13. The Fault in our Stars (June 6): As usual, there's not a ton of compelling content for women this Summer. One exception to that is The Fault in Our Stars, which is a romantic drama based off the popular John Green novel. The trailer has over 15 million views on YouTube—in line with most would-be blockbusters—and star Shailene Woodley is coming off a break-out role in Divergent. Look for this to be a solid hit as well. (Domestic: $120 million, Foreign: $55 million)
14. Deliver Us From Evil (July 2): Horror movies can provide a nice alternative to all of the big-budget spectacle, R-rated humor, and animated fare that dominates multiplexes during the Summer months. Last year's The Conjuring was a surprise hit with $137.4 million; if anything is going to match that this year, its Deliver Us from Evil. The strong trailer features a lengthy, very frightening scene that provokes an audible response when playing in theaters, and it has made this a must-see for fans of supernatural horror movies. (Domestic: $115 million, Foreign: $80 million)
15. Planes: Fire and Rescue (July 18): The first Planes was conceived of as a direct-to-video Cars spinoff. Disney ultimately decided on a theatrical release, and it pulled in a solid $90.3 million last August. Less than a year later, sequel Fire and Rescue is again reaching theaters nationwide. While this one arguably looks less appealing, it will benefit from the void of family entertainment in late Summer. Don't be surprised if this gets past $100 million. (Domestic: $110 million, Foreign: $140 million)
16. Hercules (July 25): The Rock is one of the biggest stars in the world, though his success has mainly come from stepping in to pre-branded movies like G.I. Joe: Retaliation and Fast Five. For Hercules, he's trying to start a franchise on his own, though his role here seems to be lacking the comedic touch of his bigger hits. It's possible that this surprises and performs in line with Clash of the Titans, but a more reasonable expectation would be closer to 300: Rise of An Empire or Robin Hood. (Domestic: $105 million, Foreign: $230 million)
17. Tammy (July 2): Melissa McCarthy is coming off two major hits in 2014, and her role in Tammy seems to be safely within her wheelhouse. Unlike The Heat and Identity Thief, though, the movie lacks a clear hook or a strong co-star (Sandra Bullock, Jason Bateman). Add in a crowded comedy lineup this Summer, and Tammy will likely wind up lower than Identity Thief's $134.5 million. (Domestic: $105 million, Foreign: $45 million).
18. Blended (May 23): Adam Sandler has been one of the most consistent names at the box office for nearly two decades. He did have two major miststeps recently in Jack and Jill and That's My Boy, but he seems to be back on the right track with family comedy Blended. The movie reteams Sandler with 50 First Dates and The Wedding Singer co-star Drew Barrymore. While initial previews were fairly unappealing, Warner Bros. has put out more likable material lately, and Sandler remains a draw with family audiences. (Domestic: $100 million, Foreign: $95 million)
19. Get On Up (August 1): At the tail end of a season full of effects-heavy sequels, broadly-appealing dramas like The Help and Lee Daniels' The Butler have thrived in August. The movie most likely to follow that pattern is Get on Up, a James Brown biopic directed by The Help's Tate Taylor and starring 42's Chadwick Boseman. Previews nicely mix comedy and drama, and this appears to be the kind of movie that's going to draw older crowds for many weeks. (Domestic: $95 million, Foreign: $50 million)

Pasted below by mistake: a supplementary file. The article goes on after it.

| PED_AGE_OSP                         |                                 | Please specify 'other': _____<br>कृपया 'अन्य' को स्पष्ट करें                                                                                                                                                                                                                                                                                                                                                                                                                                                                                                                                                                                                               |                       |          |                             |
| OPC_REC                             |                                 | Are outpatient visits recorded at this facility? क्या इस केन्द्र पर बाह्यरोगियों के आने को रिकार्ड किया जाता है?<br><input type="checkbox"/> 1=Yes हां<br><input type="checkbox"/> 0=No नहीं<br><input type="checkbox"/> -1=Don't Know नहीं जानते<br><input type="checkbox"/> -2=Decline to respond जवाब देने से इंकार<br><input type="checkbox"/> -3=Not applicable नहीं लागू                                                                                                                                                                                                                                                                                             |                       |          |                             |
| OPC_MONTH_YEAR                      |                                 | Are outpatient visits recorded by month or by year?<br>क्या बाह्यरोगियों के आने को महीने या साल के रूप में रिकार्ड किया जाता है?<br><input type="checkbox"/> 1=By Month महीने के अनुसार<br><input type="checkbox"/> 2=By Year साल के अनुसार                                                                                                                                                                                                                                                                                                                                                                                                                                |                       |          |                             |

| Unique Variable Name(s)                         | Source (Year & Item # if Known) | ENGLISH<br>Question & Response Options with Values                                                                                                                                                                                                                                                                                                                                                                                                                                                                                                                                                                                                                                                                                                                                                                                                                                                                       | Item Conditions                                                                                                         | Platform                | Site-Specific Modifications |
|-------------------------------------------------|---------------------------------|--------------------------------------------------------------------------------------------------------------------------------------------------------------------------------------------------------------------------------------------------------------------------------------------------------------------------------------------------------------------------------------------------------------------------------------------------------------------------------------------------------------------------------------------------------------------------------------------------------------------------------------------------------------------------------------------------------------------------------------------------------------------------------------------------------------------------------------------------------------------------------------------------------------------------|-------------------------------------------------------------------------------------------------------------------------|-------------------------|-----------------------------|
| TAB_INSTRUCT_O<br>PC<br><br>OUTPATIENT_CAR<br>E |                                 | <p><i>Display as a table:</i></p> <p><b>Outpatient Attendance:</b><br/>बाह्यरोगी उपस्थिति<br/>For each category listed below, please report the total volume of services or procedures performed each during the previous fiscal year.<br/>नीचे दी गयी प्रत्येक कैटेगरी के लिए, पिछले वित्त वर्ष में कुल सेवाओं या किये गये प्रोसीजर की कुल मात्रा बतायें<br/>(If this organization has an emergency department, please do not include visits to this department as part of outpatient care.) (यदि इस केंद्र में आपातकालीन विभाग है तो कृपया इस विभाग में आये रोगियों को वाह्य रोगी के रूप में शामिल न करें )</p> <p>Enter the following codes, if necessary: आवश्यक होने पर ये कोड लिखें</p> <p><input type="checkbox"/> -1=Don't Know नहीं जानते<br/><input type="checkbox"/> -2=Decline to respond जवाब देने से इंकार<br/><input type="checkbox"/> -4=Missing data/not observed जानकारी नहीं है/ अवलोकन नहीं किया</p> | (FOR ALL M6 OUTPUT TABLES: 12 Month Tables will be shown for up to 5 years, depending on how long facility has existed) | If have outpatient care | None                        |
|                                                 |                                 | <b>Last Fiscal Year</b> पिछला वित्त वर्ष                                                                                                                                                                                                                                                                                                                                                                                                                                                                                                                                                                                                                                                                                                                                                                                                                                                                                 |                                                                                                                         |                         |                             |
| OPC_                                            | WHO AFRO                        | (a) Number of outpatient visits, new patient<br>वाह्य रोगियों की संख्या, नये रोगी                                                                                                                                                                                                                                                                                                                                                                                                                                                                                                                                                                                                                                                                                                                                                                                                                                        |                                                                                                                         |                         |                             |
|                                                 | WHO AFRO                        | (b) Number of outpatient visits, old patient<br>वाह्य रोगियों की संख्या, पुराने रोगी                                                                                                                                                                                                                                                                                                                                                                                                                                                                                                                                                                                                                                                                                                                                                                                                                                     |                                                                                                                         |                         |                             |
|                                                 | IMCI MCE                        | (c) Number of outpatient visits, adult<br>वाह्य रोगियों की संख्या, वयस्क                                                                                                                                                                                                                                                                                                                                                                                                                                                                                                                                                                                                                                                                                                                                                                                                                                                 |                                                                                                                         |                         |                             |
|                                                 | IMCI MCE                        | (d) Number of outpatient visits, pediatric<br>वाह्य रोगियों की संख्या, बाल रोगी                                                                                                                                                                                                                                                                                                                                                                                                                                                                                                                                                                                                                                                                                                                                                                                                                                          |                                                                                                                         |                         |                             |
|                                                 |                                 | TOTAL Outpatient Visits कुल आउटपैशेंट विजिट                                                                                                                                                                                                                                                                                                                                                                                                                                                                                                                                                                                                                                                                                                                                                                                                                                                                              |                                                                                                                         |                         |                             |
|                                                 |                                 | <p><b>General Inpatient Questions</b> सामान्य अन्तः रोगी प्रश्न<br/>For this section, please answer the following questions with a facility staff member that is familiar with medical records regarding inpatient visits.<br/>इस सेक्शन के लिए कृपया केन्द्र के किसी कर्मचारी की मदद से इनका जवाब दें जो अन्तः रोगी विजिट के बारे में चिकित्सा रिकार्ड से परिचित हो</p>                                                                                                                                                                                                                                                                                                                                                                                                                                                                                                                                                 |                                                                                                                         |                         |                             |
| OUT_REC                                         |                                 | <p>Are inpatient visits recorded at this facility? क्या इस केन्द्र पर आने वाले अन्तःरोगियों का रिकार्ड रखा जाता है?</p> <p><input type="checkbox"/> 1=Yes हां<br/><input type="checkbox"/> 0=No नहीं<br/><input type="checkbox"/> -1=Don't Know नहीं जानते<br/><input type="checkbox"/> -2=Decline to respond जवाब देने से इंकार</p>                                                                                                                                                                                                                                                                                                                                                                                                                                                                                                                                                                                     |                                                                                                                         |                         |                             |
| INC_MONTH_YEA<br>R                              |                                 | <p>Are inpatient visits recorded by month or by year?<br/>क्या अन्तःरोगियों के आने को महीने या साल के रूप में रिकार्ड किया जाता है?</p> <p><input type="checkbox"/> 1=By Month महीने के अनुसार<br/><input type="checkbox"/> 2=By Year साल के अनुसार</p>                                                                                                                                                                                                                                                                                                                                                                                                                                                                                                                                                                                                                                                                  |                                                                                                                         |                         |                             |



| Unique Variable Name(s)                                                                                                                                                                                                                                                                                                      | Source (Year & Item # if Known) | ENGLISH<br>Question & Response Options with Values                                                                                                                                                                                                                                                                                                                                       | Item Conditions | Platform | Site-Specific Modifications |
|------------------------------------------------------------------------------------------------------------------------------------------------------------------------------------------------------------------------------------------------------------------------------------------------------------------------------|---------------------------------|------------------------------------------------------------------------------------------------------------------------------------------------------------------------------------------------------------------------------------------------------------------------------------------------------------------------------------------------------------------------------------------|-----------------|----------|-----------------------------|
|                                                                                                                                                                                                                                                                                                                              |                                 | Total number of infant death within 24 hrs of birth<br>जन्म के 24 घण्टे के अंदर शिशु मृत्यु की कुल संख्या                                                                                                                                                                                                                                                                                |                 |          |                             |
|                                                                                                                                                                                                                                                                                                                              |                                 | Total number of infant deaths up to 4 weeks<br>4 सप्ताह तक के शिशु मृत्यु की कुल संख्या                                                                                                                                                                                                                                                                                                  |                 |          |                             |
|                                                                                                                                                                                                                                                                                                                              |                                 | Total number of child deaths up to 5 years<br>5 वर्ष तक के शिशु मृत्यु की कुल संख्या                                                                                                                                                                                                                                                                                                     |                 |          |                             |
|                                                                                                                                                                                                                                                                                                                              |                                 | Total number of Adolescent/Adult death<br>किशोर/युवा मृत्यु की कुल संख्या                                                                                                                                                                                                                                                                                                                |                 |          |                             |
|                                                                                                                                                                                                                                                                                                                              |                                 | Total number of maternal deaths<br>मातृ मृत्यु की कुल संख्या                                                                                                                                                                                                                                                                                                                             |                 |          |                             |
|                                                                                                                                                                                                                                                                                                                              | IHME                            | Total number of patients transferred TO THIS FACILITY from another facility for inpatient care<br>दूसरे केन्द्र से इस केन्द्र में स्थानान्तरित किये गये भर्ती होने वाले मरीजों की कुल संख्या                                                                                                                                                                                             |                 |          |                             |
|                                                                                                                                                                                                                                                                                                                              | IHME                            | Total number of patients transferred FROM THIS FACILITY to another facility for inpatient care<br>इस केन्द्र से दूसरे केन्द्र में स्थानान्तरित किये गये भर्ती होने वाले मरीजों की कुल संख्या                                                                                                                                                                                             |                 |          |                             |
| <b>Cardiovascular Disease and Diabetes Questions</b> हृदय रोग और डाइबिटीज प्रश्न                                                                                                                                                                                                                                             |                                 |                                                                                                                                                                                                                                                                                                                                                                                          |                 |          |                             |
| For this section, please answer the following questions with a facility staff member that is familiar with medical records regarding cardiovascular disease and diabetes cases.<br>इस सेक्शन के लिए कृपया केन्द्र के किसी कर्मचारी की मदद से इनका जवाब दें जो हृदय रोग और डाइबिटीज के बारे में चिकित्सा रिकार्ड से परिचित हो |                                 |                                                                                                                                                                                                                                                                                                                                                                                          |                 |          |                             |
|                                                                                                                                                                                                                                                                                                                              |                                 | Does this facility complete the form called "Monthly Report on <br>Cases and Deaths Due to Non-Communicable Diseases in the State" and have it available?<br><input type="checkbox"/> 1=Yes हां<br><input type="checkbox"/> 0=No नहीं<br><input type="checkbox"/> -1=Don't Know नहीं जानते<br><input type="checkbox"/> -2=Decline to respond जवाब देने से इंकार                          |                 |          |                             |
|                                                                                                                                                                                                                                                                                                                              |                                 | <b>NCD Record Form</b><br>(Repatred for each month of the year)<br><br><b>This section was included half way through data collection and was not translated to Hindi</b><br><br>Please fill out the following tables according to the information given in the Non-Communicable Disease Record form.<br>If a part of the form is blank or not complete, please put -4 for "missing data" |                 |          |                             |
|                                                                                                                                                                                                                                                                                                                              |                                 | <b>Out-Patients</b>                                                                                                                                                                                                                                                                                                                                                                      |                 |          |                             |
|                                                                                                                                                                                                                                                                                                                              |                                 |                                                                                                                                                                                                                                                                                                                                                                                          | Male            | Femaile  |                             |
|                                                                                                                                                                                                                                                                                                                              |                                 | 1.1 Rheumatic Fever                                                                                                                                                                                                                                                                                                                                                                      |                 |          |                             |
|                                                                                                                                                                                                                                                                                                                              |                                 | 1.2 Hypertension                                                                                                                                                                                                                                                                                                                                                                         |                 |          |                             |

20. Edge of Tomorrow (June 6): Over a month out, this seems poised to be one of the big-budget disappointments of the Summer. Tom Cruise hasn't had much success with original material as of late: Oblivion, Knight & Day, Valkyrie and Jack Reacher all failed to reach $100 million at the domestic box office. There's a lot going on in the marketing for Edge of Tomorrow: mechanical suits, a vague alien enemy, some kind of romance, and of course the "Live Die Repeat" Groundhog Day scenario. None of it gels quite right, and its hard to imagine this being a huge hit with domestic audiences. Still, look for international returns to pick up the slack a bit. (Domestic: $90 million, Foreign: $220 million) Other Contenders Legends of Oz (May 9): This is the first release from Clarius Entertainment, which is giving the animated movie a substantial marketing push. Unfortunately, its cheap aesthetics will hold it back, as will the fact that audiences just traveled to Oz in 2013. The best case scenario is grosses in line with similar independent animated movies The Nut Job and Free Birds ($55 to $65 million). Million Dollar Arm (May 16): This movie is essentially an amalgamation of Moneyball, The Blind Side and Slumdog Millionaire. The lowest-grossing of those is Moneyball with just $75.6 million; even with good word-of-mouth, it would be surprising if Million Dollar Arm wound up significantly higher than that. Jersey Boys (June 20): When director Clint Eastwood stays behind the camera, the results aren't all that impressive: his last six director-only gigs all failed to hit $40 million. While Jersey Boys is based on a popular Broadway musical, that hasn't always been a guarantee of success: around the same time in 2012, Rock of Ages earned just $38.5 million. Think Like a Man Too (June 20): This is an on-the-fence title, and there's definitely a chance it cracks the Top 20. The first Think Like a Manearned $91.5 million, and star Kevin Hart is coming off his biggest hit yet in Ride Along ($134.2 million). Unfortunately, About Last Night missed $50 million, and that was also a battle-of-the-sexes romantic comedy that shared cast members with Think Like a Man. With its Vegas setting and ensemble cast, Think Like a Man Too is definitely more appealing; a finish close to $90 million is definitely possible. Earth to Echo (July 2): This could benefit from being the only family-friendly movie for the Fourth of July weekend. Its found footage style seems played out at this point, though, and it also feels derivative of Super 8 (and, of course, E.T.). Jupiter Ascending (July 18): This sci-fi adventure, from the Wachowski siblings, will likely be one of the big bombs at the box office this Summer. As Cloud Atlas and Speed Racer showed, their brand alone isn't enough to get people to the movies. While previews present strong visuals, they also include a lot of bizarre makeup and accents that are going to turn off many. Moviegoers looking for a space adventure will be likely bypass this odd, humorless outing for Guardians of the Galaxy two weeks later. Don't be surprised if Jupiter Ascending winds up being the latest John Carter or Battleship. The Purge: Anarchy (July 18): The first Purge movie had a massive $34.1 million debut, but couldn't even double that by the end of its run. That's not a good sign for the sequel, which does at least take the action to the streets of Los Angeles. Ultimately, look for The Purge: Anarchy to fall a bit short of its predecessor. Sex Tape (July 25): In Summer 2011, Bad Teacher became a solid comedy hit with $100.3 million. Sex Tape reunites that movie's stars (Cameron Diaz and Jason Segel) and director (Jake Kasdan), and has a solid premise. The first trailer didn't make much of an impact, though. This could be a late Summer surprise, but for now we're keeping it out of the Top 20. Step Up All In (July 25): Each Step Up movie has earned less than its predecessor at the domestic box office. These are now mainly an international play: the last two each earned over $100 million. The Hundred-Foot Journey (August 8): As of publication, there isn't any marketing material available yet for The Hundred-Foot Journey. The cooking drama could pull a Julie & Julia and connect in a big way with female audiences, though that's impossible to predict at this point. Into The Storm (August 8): This movie looks way too close to Twister, which still holds up fairly well almost 20 years later. Without any star power—and with a challenging release date—Into The Storm probably won't break out. Lucy (August 8): Scarlett Johansson has become an action star thanks to her role as Black Widow in The Avengers and Captain America: The Winter Soldier, and Lucy has an undeniably intriguing trailer. Still, with the exception of Taken, Luc Besson's movies historically have a low ceiling. This could break out beyond the typical sub-$40 million range, though coming anywhere close to $100 million seems unreasonable given the action movie competition. The Expendables 3 (August 15): The second Expendables movie earned $85 million at the domestic box office, which was an 18 percent decline from the first installment. Marketing promises that The Expendables 3 is the "last ride," which could keep it from dropping again. Still, it's hard to imagine this fending off all of the original competition this month. The Giver (August 15): Similar to The Golden Compass and Ender's Game, The Giver is based off a popular young-adult book that came out long before the young-adult craze. Unfortunately, the first trailer failed to generate the kind of excitement one would expect, which suggests this will wind up in the same range as those other young-adult adaptations ($60 to $80 million at best). Let's Be Cops (August 13): This buddy comedy is in the We're the Millers release date spot, and it could theoretically drum up surprising late-Summer business. Unfortunately, it lacks any star power whatsoever: its co-leads are from TV's New Girl, which doesn't compare to bonafide box office stars Jennifer Aniston and Jason Sudeikis. Sin City: A Dame to Kill For (August 22): The first Sin City earned $74.1 million in 2005. For whatever reason, it took over nine years to get the sequel to the big screen. As shown recently by Scream 4, 300: Rise of an Empire and Spy Kids: All the Time in the World (also directed by Robert Rodriguez), that kind of gap virtually guarantees a decline in domestic grosses.